Currently, networks are essential for supporting businesses and providing communication, and this need increased during the pandemic. A fundamental element that networks have in common is the Switch, which helps to connect devices in order to share resources, especially between a large number of devices.
Switch, then, has the ability to increase network performance, since communication is always available, thus avoiding a data collision in the network, especially when these are congested.
Switches facilitate the sharing of resources by connecting all devices – computers, printers, servers – in a small business network, being a high-speed device. Thus, the Switch allows the sharing of information between them, regardless of their location, that is, what this device does, in short, is to receive incoming data packets and redirect them to their destination in a Local Area Network.
Likewise, Switch allows you to open or close a call. When open, the switch allows a signal to flow across the link. If closed, the Switch interrupts the flow and connection of the circuit. They can also limit traffic to and from each port so that each connected device has a sufficient amount of bandwidth. However, switches do not provide a firewall.
Explaining the functioning of a Switch, when it receives information on a certain port, it transmits it through all the other ports, except for the one that received the information first (called flood). Then, the switches register the MAC address of the devices that are connected to each equipment port. However, if an Ethernet network (technology that connects wired LANs) is present, the Switch does not need to propagate the information across all ports as it is sent directly based on the information in the Switch’s MAC table, to the respective destination.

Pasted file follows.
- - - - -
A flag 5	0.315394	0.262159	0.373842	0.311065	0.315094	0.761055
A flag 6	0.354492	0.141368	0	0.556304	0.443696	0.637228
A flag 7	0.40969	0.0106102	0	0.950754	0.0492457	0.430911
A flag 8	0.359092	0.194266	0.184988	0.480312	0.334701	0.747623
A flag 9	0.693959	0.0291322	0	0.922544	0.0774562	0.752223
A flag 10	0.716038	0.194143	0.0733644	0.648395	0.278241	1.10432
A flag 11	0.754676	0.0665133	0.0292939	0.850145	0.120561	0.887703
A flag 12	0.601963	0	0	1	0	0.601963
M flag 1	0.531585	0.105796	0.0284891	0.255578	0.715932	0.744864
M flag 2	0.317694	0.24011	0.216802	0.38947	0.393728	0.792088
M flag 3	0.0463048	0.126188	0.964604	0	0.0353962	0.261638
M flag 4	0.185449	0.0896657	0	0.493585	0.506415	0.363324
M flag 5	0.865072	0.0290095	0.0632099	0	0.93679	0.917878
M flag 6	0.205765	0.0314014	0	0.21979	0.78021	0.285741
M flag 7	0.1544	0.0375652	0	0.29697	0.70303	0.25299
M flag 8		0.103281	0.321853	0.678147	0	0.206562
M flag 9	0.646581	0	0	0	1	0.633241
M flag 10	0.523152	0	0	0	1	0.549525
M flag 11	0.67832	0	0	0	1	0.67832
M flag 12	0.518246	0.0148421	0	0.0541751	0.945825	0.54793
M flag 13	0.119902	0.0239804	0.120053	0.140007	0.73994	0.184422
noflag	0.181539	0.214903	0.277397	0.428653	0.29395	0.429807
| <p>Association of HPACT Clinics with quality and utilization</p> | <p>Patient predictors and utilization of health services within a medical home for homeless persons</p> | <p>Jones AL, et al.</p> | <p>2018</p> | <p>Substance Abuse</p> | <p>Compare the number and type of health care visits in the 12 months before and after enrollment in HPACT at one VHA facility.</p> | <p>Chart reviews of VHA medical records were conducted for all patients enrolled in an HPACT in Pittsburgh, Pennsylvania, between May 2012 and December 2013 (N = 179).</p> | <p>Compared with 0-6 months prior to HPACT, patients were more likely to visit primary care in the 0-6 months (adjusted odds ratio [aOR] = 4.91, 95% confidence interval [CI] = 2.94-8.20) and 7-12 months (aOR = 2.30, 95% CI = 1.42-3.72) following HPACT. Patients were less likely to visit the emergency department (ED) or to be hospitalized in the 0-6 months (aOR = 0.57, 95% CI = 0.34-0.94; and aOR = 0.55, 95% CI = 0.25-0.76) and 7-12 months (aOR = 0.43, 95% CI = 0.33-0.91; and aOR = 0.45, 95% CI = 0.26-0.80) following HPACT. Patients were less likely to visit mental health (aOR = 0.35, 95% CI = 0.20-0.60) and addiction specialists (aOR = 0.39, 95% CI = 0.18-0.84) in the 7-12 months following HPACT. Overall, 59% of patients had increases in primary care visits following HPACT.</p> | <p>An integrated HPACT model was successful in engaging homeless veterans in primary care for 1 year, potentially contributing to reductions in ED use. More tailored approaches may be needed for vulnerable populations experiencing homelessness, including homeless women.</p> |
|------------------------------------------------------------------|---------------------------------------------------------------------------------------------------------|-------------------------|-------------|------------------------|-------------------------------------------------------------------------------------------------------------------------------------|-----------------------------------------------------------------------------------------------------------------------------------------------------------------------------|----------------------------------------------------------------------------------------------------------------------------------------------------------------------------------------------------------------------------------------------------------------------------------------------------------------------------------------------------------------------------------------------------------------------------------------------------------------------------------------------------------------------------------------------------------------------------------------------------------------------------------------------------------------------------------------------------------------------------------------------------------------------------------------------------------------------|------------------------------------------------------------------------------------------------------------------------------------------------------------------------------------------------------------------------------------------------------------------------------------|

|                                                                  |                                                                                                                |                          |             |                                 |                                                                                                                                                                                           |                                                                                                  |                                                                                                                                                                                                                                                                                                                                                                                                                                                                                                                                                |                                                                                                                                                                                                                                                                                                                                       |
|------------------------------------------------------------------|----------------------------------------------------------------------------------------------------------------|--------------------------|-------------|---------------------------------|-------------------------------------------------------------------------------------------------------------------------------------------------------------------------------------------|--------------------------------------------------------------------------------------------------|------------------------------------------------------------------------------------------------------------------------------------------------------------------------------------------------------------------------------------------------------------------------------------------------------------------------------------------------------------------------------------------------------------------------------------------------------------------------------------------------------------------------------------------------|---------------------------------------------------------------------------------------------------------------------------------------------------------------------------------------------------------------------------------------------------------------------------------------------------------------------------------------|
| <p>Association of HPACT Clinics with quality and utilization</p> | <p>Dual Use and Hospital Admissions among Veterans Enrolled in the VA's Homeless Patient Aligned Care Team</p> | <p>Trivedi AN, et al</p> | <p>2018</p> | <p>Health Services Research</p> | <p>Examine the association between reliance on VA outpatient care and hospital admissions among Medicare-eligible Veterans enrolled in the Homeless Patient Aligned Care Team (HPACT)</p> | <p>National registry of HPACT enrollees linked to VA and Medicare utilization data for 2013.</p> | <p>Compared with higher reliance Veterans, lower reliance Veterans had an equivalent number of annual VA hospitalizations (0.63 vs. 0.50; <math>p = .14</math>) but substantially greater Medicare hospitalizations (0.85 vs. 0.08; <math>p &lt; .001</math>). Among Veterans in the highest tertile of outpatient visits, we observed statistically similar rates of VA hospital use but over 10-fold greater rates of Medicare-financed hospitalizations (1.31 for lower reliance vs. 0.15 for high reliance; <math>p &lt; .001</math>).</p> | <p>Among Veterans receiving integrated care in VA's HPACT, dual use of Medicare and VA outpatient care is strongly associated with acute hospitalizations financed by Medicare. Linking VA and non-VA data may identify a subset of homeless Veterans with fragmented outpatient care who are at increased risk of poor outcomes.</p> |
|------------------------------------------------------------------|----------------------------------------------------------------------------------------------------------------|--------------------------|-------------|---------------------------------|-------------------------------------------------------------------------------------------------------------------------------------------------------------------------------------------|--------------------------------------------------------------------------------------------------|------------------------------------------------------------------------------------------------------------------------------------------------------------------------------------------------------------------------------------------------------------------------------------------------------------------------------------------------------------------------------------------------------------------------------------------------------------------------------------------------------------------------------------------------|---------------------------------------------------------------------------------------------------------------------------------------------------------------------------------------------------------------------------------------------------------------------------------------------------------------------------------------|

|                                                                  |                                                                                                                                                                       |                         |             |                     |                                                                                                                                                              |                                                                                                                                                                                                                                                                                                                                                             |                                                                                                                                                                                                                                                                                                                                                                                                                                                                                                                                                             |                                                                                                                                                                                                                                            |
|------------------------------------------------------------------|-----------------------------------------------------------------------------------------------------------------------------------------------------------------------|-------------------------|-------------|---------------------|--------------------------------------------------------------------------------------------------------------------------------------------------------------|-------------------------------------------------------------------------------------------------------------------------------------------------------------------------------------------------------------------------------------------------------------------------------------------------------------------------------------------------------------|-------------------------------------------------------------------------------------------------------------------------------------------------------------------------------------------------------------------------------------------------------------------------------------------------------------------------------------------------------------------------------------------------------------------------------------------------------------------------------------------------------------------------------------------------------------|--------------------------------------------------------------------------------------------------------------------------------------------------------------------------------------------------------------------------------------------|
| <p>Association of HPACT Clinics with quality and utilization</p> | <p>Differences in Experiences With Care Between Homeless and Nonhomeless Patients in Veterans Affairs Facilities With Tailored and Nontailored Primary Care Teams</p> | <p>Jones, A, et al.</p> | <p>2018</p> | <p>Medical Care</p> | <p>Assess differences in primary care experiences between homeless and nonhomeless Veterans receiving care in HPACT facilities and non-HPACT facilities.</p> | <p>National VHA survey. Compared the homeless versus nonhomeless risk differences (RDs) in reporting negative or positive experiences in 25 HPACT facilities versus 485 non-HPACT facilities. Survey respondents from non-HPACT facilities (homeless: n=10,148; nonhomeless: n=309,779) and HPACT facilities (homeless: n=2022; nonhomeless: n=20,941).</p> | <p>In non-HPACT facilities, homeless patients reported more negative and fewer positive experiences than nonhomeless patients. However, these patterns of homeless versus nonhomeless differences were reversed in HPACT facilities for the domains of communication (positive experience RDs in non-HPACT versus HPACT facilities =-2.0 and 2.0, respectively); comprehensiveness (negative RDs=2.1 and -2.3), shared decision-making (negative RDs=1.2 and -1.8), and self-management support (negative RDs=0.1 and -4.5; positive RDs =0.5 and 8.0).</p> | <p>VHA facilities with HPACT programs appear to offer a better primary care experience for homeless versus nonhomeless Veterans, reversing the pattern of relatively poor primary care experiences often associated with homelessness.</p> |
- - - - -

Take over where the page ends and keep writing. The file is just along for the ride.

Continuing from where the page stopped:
How does everything work? The Switch works at the Data Link layer of the OSI model—Layer 2. It receives packets that are sent by devices that are connected to their physical ports, and sends them back, but only through the ports that lead to the devices that the packets get aim to achieve. They can also operate in the network layer – Layer 3 where it is forwarded.
This technology is often compared to the Router, which allows networked devices and multiple users to access the Internet. Additionally, the Router directs traffic and chooses the most efficient route for information, in the form of packets and data, to move through a network. This device is intelligent in that it protects company information from possible security threats and also decides which devices have priority over others. Likewise, while the Switch sends data to a single device it is intended for, the Router sends to networks of multiple devices.
This means that Routers are crucial for an Internet connection, whereas Switches are used exclusively for interconnecting devices.
There are two types of switches, managed and unmanaged:
- The unmanaged ones, considered as the most basic, create ports in the Local Area Network, in order to allow access to the Internet from more local devices. However, they have few features, which does not always allow them to respond to the need. Furthermore, they were designed so that there was no need for configuration.
- The managed ones, in turn, fulfill the same function, but for much larger networks, offering network administrators greater control over how traffic is prioritized, that is, they have more features, and advanced, and have greater security, protecting all types of traffic, as they can be configured to adapt to a given network.
Aware of the importance of data networks and wireless networks, ActiveSys has a team of professionals certified in the technologies of renowned networking manufacturers who develop the strategy according to customer needs, design the architecture and implement the solutions in the area of networks . Do not hesitate to contact us, we are available for you.